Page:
What does a medieval archaeological Islamic site in the Turkish countryside have to do with Darul Qasim College’s Arabic Department? 

Dr. Choukri Heddouchi, Arabic Department chair, begins part 7 of our tour by sharing his current scholarly involvement  in deciphering an Arabic medieval inscription that was recently discovered during a systematic archaeological survey in the Turkish countryside. The image pictured shows the cave above which the inscription is located.  


Dr. Choukri shares, “Because of my background in archaeology and Arabic, I have been involved in epigraphic work that involves medieval archaeological Islamic sites in the Middle East. The process of deciphering depends on the context of the inscription. In this recent case, digital pictures were processed in an application to create a 3D representation. This helps facilitate a correct reading. We usually go through comparing the inscription with ones of the same age, so as to familiarize ourselves with distinct terminology used in inscriptions from that era.”

Arabic, in this context, becomes an instrument in the field of archaeology used to shed light on a medieval Islamic past. Similarly, the characterization of Arabic as an instrument used to study the core subjects in Islamic Studies is used by Dr. Choukri to showcase what sets Darul Qasim College’s approach to the study of Arabic apart from other institutions of higher education. Join Dr. Choukri as he takes us from the present and into the future of the Department of Arabic.

What is unique about Darul Qasim College’s Department of Arabic?

“In the Islamic Sciences, the core content is basically Qurʾān, hadith, fiqh, and ‘aqīdah. But, before you study this, you need some tools, hence instruments. The most important is the Arabic language which includes grammar, conjugation, balāgha (rhetoric), and so forth.”

“Most colleges and universities offer two tracks of study to students interested in studying the Arabic language: classical and modern. Students studying the classics are being trained as historians and the most important thing for historians is to be able to read the texts correctly. This means that reading comprehension is the most important. After 9/11, there was a shift and interest in modern Arabic. Now, modern Arabic is still Arabic, but the focus was mostly on speaking and listening comprehension. Western academia spent less time on grammar, so that they could train people in how to communicate.”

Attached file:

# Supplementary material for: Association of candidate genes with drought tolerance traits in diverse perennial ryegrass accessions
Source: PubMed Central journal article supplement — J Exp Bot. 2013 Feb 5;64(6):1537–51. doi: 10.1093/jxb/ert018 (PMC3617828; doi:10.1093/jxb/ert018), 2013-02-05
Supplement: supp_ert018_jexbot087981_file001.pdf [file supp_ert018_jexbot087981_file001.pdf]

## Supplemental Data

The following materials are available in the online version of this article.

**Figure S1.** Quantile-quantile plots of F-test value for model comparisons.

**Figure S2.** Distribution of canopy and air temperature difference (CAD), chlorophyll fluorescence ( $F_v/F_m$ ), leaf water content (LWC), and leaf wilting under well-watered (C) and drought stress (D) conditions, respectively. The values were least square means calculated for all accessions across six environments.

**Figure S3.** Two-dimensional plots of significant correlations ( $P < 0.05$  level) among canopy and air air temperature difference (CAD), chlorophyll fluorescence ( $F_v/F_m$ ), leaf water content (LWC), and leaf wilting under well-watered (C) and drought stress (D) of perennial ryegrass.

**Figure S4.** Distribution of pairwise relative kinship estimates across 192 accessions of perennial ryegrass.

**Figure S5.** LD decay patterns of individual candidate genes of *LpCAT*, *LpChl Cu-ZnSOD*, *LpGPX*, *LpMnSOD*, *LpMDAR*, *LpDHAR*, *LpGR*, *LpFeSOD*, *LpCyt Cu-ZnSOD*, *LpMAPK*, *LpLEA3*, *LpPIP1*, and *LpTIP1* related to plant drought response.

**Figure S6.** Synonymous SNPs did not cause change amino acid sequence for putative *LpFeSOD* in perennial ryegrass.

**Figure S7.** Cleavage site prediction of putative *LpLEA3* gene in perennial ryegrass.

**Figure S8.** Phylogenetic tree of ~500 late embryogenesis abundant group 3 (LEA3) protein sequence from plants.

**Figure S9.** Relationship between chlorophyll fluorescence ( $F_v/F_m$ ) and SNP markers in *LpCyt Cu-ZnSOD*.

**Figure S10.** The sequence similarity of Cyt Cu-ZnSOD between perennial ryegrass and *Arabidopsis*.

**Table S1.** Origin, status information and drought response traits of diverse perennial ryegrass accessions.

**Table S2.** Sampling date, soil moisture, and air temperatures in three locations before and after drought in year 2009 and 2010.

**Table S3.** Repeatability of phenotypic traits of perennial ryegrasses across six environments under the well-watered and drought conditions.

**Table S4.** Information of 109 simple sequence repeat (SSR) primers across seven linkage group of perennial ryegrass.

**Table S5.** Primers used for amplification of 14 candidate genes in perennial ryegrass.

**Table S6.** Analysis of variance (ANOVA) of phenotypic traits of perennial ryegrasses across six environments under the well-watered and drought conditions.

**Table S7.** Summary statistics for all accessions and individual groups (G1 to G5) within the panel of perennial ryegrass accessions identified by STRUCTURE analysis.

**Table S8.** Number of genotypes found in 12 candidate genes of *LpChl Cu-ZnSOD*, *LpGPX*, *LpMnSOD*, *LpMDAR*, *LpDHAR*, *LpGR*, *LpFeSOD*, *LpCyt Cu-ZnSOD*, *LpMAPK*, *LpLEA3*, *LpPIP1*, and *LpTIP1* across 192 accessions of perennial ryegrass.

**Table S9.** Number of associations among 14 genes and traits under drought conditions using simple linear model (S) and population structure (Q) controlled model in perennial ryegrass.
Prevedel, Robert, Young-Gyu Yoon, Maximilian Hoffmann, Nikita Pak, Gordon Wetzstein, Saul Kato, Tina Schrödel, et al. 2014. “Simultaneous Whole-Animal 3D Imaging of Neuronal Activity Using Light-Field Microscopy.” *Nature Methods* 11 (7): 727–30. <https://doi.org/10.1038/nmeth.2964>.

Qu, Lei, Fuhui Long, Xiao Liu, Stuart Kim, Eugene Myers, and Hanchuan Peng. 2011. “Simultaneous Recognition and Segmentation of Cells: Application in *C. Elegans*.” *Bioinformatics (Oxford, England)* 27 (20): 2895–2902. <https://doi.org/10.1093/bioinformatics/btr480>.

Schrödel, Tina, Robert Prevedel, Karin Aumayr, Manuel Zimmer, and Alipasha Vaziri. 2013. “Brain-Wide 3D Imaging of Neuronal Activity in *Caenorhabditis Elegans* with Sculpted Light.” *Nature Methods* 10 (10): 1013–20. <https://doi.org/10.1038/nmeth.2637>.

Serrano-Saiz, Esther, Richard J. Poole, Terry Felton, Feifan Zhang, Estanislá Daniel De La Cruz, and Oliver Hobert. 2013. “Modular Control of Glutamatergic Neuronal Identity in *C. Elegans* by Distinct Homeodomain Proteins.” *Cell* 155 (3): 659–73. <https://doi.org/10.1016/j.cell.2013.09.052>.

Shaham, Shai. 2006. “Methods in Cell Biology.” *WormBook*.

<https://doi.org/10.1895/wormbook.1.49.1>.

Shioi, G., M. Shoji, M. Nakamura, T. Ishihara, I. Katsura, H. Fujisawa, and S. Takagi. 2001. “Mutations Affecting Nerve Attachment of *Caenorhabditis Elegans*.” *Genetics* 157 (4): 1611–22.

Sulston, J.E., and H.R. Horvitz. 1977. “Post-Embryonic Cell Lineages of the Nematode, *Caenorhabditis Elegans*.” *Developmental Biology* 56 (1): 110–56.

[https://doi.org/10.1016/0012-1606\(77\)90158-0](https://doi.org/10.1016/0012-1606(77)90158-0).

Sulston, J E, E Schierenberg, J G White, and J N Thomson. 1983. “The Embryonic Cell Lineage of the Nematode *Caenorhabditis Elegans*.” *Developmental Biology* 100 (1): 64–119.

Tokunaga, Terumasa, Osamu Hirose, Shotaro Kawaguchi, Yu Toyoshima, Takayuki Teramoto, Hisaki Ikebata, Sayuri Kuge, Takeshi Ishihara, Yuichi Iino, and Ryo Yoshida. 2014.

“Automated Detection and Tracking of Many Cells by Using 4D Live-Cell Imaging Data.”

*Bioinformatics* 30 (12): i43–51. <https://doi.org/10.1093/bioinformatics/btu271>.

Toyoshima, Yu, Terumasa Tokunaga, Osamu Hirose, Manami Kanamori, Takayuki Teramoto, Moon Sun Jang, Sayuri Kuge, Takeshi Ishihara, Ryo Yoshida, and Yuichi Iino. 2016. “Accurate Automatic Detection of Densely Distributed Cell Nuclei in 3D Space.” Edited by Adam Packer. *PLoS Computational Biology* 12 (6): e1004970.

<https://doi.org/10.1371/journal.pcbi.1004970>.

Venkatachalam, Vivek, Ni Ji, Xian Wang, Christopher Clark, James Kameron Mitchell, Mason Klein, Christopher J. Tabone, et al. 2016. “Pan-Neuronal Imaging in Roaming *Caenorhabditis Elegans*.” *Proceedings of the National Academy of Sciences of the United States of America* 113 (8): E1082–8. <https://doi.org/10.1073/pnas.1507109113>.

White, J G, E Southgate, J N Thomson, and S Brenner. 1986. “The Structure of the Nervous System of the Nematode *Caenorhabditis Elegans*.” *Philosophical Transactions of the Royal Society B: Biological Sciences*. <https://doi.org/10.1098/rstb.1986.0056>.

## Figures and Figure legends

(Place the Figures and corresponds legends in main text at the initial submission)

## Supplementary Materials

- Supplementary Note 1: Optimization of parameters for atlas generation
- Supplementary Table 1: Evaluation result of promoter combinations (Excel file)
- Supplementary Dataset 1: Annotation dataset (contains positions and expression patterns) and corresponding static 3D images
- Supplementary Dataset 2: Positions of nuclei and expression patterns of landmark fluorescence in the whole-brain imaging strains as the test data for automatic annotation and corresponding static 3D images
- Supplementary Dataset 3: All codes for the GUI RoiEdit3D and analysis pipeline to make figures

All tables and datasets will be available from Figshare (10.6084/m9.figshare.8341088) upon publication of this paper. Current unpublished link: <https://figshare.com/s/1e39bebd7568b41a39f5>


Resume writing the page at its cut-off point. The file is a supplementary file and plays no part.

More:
“Usually, a student goes either classics or modern. You do not do both because it takes a lot of time. That’s a speciality. In Arabic, you are covering at least 14 centuries of literature and that’s huge if you compare it to Shakespearean English or a little before which goes back 3 or 4 centuries. We are talking about five times that period. Alḥamdulillah, what is beautiful about Arabic is that the same grammar still works, meaning if you are going to do modern Arabic or classical Arabic, you still have to study the same grammar.”

“What is unique about Darul Qasim is that we need both classical and modern Arabic. We recognize it’s a lot of work, but we need both. We need people who are perfectly comfortable in reading and comprehending text, meaning basically the Qurʾān and Sunnah, mā shā’ Allah.”

“The most important thing is for our students to read the text. For example, to be able to read the Qurʾān and to understand it. That is reading comprehension. Training will be heavy on grammar and conjugation and on rhetoric (balāgha). For the beginner that’s what we train them to do and we spend a lot of time drilling them on that. As students advance, we want them to be able to communicate what they know in Arabic, so we focus on listening comprehension and on speaking. Especially if they are going to engage other Muslim scholars from overseas whose common language is not English, but rather Arabic. For this very reason, this year we created the Friday labs. The Friday labs are just once a week at the moment. In these labs, students speak and write in Arabic depending on their level.”

How does Darul Qasim College’s Arabic Department hope to engage western academia?

“Darul Qasim College’s Arabic Department is looking towards the future. In shā’ Allah, we will produce our own PhDs and so forth. These people will be like guardians. Because a lot of what is happening in academia, not all of it, but a lot of it, is just sometimes almost ridiculous.”

“From my experience, I know that a lot of people who are in academia, their knowledge of Arabic is nowhere near our senior students. It just doesn’t compare. What is sad is that people are writing theses and dissertations and making outrageous claims. If somebody knows what they are doing, responding to them is easy. They will know they cannot get away with outrageous claims without backing it up.”

“We hope to engage academia in language theory, meaning engaging people in linguistics, who don’t necessarily specialize in Arabic. There is a massive Islamic Heritage study and because it is the Qurʾān the amount of effort and time that was put into it is incredible. A lot of people, especially those who don’t study Arabic, are not aware of it. It is our job to present it. We have dealt with these issues like semantics, phonetics, and linguistics.”

“If you want to be on the cutting edge of what was produced internationally, you have to know Islamic heritage. So, we will be doing defending, we will be doing presenting, and if we excel in it, we will be challenging. That is how we are thinking of leading the department in shā’ Allah.”


Departmental Faculty

Dr. Choukri Heddouchi

Liaison, Department of Arabic and Instrumental Sciences